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Gamcotrap sensitises Kombo South communities

Nov 1, 2010, 2:09 PM | Article By: Yusuf Ceesay

The Gambia Committee on Traditional Practices Affecting the Health of Women and Children (Gamcotrap last Thursday began a three-day workshop for representatives of various communities in the Kombo South District of West Coast Region.

The workshop, held in Farato village, attracted participants from Samboujang, Berending, Gunjur, Medina Kunkuto, Tanji, Bato Kunku, Jambur and Farato village itself.

The workshop aimed, among others things, at eradicating female genital mutilation (FGM) in the country and creating awareness on the effects of harmful traditional practices on the health of the girl child and women, as well as nutritional taboos and early marriages.

In her address to participants at the workshop, Dr Isatou Touray, executive director of Gamcotrap, said the workshop was part of the three-year programme in the Kombos and supported by Save the Children and UNIFEM.

Dr Touray pointed out that they train community leaders, security officers, key stakeholders, teachers among others to arm them with the right knowledge and skills aimed at ending the practice of FGM.

She emphasised that GAMCOTRAP also createg awareness on FGM and gender-based violence among the participants to work towards their objectives.

For her part, Mrs Amie Bojang-Sissoho, programme coordinator of Gamcotrap, gave a brief history of Gamcotrap, saying the women's rights NGO was established in 1984 following a conference in Dakar, where African women discussed issues affecting their rights, such as harmful traditional practices.          Mrs Bojang stressed the importance of educating the girl child, especially at tender age.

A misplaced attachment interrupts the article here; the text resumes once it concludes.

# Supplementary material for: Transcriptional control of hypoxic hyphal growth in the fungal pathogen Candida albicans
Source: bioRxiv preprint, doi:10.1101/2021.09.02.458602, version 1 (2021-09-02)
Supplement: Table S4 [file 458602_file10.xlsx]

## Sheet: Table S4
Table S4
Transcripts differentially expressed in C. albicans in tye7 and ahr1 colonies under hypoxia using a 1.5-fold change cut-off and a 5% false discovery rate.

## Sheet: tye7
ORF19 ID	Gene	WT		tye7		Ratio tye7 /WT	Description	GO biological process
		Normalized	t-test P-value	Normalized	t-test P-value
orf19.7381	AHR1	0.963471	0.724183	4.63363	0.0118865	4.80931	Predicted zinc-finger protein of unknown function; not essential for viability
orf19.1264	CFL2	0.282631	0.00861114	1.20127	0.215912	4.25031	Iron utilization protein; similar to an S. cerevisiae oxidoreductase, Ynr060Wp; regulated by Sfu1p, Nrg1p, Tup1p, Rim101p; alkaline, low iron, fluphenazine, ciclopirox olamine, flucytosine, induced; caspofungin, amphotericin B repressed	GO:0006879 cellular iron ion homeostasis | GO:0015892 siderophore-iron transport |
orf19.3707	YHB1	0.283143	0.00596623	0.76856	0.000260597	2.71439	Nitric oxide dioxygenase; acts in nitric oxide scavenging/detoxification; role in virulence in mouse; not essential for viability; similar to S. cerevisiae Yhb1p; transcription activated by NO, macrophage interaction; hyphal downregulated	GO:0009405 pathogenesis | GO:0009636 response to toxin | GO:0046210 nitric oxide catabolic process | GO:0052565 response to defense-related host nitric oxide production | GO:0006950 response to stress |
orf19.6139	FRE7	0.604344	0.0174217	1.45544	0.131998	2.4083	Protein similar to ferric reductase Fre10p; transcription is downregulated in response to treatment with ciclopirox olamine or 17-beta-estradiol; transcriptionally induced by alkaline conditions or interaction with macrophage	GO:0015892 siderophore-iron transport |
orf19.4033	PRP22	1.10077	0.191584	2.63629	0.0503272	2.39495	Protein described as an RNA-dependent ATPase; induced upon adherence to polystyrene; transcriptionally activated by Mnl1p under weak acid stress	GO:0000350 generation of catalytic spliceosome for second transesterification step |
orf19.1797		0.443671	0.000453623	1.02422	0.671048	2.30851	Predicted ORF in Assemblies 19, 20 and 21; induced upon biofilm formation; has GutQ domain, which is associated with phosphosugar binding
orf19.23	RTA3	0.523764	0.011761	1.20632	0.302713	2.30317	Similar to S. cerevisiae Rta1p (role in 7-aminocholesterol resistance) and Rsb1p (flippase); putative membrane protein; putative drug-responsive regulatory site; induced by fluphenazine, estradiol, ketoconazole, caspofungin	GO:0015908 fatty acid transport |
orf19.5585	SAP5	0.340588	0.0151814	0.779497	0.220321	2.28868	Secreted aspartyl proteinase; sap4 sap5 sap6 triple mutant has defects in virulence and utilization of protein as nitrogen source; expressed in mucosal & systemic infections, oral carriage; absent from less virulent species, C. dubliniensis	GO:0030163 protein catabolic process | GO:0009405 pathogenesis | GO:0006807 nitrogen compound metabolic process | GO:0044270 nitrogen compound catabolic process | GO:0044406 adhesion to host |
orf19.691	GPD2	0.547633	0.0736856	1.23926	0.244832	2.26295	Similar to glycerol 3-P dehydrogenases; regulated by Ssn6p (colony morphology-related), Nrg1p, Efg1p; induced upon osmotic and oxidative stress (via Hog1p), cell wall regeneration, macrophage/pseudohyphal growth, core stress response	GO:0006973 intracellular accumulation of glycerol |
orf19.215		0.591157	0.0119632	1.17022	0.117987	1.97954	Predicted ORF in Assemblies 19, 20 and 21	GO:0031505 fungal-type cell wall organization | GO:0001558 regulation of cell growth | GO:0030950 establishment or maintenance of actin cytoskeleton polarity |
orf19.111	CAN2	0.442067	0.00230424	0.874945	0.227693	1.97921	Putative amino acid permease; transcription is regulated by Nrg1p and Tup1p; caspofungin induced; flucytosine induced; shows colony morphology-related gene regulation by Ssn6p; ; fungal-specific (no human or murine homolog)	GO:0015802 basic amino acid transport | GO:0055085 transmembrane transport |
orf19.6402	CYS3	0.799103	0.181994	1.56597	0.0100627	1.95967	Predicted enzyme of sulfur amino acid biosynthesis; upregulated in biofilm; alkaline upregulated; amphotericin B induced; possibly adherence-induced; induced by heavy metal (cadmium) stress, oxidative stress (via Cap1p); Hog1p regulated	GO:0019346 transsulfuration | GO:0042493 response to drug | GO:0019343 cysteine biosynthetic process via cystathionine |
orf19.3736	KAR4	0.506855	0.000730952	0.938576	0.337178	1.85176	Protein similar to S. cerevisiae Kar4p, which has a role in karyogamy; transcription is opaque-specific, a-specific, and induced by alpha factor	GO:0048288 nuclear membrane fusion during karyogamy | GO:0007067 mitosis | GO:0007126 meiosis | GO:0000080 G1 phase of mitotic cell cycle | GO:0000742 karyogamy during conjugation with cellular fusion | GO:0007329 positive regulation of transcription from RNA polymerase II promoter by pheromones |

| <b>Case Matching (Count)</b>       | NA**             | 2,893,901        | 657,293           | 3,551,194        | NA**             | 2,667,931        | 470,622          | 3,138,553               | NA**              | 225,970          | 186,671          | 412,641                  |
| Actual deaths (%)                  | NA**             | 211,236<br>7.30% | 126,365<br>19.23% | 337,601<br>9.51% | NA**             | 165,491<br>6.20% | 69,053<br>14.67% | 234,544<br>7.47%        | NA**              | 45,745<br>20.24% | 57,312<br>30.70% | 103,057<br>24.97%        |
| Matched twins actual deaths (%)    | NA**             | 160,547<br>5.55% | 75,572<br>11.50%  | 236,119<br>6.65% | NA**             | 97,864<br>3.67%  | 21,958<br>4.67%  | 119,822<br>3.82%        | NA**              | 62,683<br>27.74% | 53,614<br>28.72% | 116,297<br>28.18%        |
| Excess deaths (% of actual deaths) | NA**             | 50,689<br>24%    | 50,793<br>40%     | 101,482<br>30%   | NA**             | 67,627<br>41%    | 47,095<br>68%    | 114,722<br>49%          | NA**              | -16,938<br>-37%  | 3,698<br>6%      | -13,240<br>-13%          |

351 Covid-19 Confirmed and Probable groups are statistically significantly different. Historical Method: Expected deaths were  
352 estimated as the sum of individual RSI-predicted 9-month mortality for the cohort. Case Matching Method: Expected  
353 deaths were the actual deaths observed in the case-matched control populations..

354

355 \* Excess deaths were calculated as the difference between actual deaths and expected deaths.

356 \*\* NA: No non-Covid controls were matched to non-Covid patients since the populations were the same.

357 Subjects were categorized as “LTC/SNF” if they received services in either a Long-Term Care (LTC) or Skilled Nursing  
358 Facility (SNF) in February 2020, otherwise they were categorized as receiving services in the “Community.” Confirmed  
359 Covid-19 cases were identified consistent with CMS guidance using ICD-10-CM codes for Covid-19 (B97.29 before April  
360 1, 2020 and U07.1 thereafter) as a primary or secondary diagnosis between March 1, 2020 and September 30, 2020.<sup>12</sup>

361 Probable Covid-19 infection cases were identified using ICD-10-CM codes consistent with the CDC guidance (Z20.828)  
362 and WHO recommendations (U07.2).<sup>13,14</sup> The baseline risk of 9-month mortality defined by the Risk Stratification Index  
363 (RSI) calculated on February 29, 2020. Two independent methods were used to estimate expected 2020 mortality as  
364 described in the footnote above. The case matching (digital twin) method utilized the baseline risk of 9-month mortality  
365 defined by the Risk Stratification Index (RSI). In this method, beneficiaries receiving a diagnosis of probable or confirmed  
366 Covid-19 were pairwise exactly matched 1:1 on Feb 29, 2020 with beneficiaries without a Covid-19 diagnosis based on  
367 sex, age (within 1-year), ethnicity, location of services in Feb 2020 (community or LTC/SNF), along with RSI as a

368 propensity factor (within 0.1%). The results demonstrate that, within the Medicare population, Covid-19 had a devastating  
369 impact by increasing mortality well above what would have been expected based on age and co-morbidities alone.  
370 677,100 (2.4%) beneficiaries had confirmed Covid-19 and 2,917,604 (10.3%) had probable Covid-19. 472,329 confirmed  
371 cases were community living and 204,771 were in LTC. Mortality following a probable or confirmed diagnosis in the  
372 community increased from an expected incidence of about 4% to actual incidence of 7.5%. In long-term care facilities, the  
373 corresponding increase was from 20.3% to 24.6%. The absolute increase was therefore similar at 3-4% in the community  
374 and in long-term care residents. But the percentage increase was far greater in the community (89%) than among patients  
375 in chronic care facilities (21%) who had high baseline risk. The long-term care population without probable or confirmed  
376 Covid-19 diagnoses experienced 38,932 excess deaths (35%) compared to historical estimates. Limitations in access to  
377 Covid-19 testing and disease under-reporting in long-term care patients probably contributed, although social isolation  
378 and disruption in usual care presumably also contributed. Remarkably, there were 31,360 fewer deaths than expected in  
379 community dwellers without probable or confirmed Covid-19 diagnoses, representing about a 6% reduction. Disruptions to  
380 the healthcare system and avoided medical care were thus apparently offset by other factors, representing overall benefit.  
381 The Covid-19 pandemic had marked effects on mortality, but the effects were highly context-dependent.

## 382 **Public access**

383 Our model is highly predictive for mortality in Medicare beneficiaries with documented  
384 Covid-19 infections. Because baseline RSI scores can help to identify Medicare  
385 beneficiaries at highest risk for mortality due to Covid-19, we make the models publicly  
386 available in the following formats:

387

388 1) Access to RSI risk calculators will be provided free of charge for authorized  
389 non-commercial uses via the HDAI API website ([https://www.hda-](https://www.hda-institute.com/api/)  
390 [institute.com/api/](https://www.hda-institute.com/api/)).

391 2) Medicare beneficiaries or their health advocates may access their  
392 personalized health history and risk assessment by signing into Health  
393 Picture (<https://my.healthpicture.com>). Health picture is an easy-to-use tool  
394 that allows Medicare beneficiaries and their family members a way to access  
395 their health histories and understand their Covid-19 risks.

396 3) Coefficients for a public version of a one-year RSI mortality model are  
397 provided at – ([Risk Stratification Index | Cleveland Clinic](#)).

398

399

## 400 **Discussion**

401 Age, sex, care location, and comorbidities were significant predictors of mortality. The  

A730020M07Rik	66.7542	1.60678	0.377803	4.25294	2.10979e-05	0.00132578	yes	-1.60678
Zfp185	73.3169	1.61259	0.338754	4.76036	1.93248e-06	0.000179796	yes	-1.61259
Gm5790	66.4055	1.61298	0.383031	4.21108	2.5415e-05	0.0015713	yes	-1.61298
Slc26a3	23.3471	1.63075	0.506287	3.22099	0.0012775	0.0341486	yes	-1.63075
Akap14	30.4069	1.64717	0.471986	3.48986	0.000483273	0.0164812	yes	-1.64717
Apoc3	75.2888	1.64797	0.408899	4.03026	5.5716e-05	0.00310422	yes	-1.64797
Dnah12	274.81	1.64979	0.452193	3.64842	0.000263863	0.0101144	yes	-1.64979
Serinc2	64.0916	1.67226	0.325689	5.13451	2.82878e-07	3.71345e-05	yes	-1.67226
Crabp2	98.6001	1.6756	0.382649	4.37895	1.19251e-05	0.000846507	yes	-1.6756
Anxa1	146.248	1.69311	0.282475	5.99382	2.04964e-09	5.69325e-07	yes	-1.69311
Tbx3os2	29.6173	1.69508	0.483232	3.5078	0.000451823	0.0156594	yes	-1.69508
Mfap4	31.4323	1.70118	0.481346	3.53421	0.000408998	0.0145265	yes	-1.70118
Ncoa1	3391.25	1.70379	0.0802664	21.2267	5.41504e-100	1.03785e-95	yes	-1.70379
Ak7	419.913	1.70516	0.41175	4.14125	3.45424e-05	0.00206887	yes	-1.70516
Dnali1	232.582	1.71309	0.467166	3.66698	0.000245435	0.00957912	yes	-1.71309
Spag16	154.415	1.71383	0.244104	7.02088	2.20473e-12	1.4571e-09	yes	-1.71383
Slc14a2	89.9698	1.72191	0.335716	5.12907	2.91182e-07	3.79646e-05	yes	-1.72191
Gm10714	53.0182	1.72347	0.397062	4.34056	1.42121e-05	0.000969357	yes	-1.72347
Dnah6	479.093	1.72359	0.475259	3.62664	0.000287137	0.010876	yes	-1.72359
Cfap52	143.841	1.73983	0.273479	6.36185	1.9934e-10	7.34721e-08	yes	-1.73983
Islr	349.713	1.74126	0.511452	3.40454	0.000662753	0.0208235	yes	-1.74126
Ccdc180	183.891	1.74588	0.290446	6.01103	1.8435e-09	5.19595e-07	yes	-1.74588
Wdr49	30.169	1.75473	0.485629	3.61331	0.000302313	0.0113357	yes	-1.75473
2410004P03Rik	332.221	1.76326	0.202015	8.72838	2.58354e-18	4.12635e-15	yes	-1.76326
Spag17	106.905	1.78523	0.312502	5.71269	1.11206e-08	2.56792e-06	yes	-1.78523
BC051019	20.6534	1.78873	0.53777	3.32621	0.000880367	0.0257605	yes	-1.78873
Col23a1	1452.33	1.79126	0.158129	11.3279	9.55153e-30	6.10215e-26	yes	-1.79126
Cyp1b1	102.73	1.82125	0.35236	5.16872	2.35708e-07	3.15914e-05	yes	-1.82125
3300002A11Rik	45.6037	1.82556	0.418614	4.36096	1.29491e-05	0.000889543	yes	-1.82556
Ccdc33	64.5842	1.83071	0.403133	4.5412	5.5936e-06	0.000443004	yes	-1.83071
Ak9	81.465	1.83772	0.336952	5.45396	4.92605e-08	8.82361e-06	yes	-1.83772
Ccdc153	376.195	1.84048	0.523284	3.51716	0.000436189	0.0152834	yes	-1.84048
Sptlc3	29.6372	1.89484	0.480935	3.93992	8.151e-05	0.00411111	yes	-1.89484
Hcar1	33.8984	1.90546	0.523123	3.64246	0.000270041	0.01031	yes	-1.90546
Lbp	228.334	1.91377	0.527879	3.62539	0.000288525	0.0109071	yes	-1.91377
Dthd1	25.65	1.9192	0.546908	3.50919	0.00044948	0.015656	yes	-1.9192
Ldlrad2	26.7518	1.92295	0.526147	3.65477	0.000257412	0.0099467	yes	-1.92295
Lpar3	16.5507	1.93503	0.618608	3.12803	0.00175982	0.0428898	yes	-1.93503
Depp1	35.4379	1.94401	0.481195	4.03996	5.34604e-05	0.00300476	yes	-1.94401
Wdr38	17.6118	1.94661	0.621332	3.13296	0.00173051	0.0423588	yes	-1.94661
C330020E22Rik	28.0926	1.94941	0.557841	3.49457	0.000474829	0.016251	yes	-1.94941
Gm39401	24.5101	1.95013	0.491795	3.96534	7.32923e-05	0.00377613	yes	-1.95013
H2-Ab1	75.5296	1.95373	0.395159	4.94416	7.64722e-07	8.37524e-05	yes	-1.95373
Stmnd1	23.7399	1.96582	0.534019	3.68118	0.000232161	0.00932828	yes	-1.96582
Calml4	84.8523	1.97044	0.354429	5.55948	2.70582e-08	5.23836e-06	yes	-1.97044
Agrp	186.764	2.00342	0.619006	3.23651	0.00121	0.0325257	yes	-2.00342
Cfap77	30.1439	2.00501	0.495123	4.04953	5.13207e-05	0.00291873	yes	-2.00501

She also said they sensitise people about the effects of sexual and reproductive health on women and children so that they avoid harmful traditional practices.

The activists informed the gathering that not long ago, in the Upper River Region, many people pledged to drop their knives.

Also speaking, Muhammed Sano, a graduate of Benghazi University, Libya, said FGM is a tradition that has been practised long ago, which some scholars associated with the Islamic religion.

"In my view, this practice is unIslamic, and anything harmful that affects human health must be stopped," Oustass Sano said, arguing that "most of the hadiths that encourage FGM are weak".

He also said: "There is no authentic hadith that says the prophet (SAW) allowed Muslim women to practise FGM and neither has it been encouraged by the Holy Quran."

"FGM is not inline with cleanness (Tahara); the practice is only associated with the male child."

Kadi Touray, field coordinator at Gamcotrap, made a presentation to the participants on child rights and women's rights.